Make slides / handouts, do copyright reportsThis may or may not be part of a practise session - in some churches, it's done by admin staff. Take it off the list if it's not needed. But make sure you think about it for one-off services, whether the needs may be different.
Share the music planYou need a policy about how to communicate information to people who were not at the practise - and about what role these people may have during the service. While it would be great to say "no practise = no play", this isn't always realistic. Whatever your approach is, it needs to be workable for your church.
Follow-upOften you find during practise that something else needs to be done later on: eg asking someone if they would play a solo, or getting / sharing music for a particular item.
It's often a good idea to make a "follow-up list" and look over it again just before the end to confirm who is doing what, and when they'll have it by.
Closing prayerAgain - follow your local and denominational guidelines. It can be useful to use this time to address any conflicts or issues that have arisen during the practise-period.
Confirm meeting timeEveryone needs to understand
- where they need to go,
- what preparation is needed (dress-standard / choir-robes, folders, etc),
- what time they need to arrive.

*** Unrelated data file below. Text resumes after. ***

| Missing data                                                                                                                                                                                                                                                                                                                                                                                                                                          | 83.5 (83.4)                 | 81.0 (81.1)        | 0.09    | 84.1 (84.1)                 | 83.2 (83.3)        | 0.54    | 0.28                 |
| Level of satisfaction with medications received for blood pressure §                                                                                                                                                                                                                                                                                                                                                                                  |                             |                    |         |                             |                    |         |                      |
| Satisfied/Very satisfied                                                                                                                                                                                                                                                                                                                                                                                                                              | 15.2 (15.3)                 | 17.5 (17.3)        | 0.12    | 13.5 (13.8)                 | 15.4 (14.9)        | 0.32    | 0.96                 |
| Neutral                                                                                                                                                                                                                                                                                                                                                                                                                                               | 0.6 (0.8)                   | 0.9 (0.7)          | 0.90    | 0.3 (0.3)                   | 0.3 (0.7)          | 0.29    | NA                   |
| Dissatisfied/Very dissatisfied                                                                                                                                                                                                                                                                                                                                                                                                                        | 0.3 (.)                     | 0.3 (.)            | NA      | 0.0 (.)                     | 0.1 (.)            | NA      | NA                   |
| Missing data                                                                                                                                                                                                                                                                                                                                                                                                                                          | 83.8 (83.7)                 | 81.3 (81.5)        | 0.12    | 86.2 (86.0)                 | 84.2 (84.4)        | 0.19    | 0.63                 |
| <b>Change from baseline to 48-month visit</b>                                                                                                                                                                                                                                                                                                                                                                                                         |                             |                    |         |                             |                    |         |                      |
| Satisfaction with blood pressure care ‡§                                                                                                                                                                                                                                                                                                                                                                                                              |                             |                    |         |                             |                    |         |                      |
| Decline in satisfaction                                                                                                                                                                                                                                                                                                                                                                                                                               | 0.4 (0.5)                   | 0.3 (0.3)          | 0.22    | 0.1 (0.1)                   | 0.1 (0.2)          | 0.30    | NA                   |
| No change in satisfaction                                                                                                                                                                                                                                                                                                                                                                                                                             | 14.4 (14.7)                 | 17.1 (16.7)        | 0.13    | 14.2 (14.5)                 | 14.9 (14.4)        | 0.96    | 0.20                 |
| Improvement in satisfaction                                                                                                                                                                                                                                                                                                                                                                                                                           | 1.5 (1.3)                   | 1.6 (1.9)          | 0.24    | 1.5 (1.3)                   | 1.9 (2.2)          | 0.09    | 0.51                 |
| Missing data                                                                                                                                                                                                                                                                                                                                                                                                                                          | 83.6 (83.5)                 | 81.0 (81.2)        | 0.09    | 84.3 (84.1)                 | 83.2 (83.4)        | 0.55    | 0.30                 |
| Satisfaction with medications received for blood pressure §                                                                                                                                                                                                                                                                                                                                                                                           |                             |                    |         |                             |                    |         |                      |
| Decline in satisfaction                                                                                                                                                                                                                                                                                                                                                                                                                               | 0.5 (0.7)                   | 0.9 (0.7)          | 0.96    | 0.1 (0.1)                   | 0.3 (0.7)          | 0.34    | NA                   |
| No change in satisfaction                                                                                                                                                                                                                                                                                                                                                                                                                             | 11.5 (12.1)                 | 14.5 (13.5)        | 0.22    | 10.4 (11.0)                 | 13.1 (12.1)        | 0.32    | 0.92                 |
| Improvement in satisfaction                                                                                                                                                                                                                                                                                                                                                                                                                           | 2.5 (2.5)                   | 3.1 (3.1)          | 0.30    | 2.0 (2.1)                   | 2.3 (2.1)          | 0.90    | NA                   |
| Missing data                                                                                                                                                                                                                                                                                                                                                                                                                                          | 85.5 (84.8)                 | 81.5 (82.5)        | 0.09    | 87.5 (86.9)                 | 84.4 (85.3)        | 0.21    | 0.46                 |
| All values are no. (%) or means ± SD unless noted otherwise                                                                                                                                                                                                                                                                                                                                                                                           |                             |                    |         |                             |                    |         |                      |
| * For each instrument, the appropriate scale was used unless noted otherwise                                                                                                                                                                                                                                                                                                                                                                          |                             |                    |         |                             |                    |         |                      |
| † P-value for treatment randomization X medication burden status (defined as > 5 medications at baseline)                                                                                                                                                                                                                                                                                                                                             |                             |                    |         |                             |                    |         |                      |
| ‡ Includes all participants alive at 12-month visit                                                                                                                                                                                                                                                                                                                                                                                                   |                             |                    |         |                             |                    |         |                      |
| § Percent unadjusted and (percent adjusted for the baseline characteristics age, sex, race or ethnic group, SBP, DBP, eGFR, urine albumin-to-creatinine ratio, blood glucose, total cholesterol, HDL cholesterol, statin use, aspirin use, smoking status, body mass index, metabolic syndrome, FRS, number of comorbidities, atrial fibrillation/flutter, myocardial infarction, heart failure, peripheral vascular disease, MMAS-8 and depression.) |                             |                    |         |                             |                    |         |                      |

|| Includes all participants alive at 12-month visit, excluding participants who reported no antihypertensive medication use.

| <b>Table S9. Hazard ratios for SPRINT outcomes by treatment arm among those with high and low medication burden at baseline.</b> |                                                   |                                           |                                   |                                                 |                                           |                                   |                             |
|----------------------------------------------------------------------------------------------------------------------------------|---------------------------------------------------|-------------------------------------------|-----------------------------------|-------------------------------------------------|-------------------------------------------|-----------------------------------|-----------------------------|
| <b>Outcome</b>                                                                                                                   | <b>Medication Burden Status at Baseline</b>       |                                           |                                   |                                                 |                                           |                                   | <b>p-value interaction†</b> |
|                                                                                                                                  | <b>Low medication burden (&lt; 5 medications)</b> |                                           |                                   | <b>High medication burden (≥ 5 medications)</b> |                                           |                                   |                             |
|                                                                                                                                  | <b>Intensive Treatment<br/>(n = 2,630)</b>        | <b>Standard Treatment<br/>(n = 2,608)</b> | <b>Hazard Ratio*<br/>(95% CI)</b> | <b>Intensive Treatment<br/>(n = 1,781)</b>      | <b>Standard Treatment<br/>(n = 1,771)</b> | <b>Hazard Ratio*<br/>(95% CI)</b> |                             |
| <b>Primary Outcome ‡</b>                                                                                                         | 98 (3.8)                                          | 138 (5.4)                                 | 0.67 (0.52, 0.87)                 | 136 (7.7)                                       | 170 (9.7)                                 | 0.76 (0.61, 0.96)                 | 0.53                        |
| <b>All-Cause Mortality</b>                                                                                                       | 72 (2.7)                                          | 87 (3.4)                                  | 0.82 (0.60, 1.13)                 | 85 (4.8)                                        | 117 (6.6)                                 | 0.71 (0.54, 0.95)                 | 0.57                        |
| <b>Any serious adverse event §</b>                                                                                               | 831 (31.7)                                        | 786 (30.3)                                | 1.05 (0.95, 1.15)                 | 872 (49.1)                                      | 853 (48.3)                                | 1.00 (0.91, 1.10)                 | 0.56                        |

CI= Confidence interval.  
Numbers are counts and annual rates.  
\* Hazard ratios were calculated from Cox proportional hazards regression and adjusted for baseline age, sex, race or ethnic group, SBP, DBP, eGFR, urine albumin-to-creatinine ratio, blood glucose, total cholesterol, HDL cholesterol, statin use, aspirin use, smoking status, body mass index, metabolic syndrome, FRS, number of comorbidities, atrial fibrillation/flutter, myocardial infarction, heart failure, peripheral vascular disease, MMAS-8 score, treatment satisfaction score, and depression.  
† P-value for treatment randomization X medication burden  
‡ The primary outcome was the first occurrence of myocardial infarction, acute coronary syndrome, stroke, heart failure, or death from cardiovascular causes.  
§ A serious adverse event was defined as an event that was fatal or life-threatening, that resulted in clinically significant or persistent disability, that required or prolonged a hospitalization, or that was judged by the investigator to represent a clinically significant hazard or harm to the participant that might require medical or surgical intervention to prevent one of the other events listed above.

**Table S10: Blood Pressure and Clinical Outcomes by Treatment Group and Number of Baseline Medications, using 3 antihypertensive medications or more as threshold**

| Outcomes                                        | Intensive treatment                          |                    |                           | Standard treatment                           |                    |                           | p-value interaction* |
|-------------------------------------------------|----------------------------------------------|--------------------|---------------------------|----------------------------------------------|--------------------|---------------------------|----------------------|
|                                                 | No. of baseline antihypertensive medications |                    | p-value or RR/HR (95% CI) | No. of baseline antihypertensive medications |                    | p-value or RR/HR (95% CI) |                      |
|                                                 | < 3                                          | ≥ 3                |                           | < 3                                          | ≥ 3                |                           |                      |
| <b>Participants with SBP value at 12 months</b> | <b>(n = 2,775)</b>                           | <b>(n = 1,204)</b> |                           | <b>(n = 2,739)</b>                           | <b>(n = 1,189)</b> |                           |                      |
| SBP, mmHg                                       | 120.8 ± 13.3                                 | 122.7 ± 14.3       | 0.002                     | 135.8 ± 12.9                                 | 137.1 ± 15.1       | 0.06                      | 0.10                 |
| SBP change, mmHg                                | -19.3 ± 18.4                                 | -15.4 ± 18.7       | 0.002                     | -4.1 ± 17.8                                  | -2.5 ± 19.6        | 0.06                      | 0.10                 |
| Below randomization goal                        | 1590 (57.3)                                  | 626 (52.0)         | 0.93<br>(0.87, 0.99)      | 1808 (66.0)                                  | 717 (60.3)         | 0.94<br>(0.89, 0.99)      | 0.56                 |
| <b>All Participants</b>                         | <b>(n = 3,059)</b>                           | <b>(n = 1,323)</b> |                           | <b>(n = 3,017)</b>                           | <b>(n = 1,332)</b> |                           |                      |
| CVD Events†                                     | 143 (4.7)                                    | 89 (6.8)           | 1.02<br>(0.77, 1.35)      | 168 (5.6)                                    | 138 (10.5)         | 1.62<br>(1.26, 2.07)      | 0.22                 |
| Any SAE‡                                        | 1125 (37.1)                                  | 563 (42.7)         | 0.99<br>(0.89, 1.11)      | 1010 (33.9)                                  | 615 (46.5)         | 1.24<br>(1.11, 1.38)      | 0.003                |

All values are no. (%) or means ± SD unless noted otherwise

- what to do if something happens which will stop them attending.
For a regular service, this is probably established - but don't forget to let newcomers know "what happens here".
For a one-off service, or if anything is different, it's critical to confirm this at the end of practise, just before people leave.
You may even send reminder messages (email, text etc) afterwards.
Clean-upLike set-up, you need to allow time for this. And it can be done far more quickly when everyone understands what is required, and works together.
After practice is over
Some churches have strong social connections - refreshments after practice is over are so normal that they may as well be on the timetable. In others, this would be a once-in-a-blue-moon happening.
There is no right or wrong approach: it depends on the music-group and its members. Whether you add this to the plan is also a local decision, but be sure to think about who might be excluded if you do/don't socialise together.
Does your church include other activities in regular music practises? Leave a comment below, and we'll add them them to the template.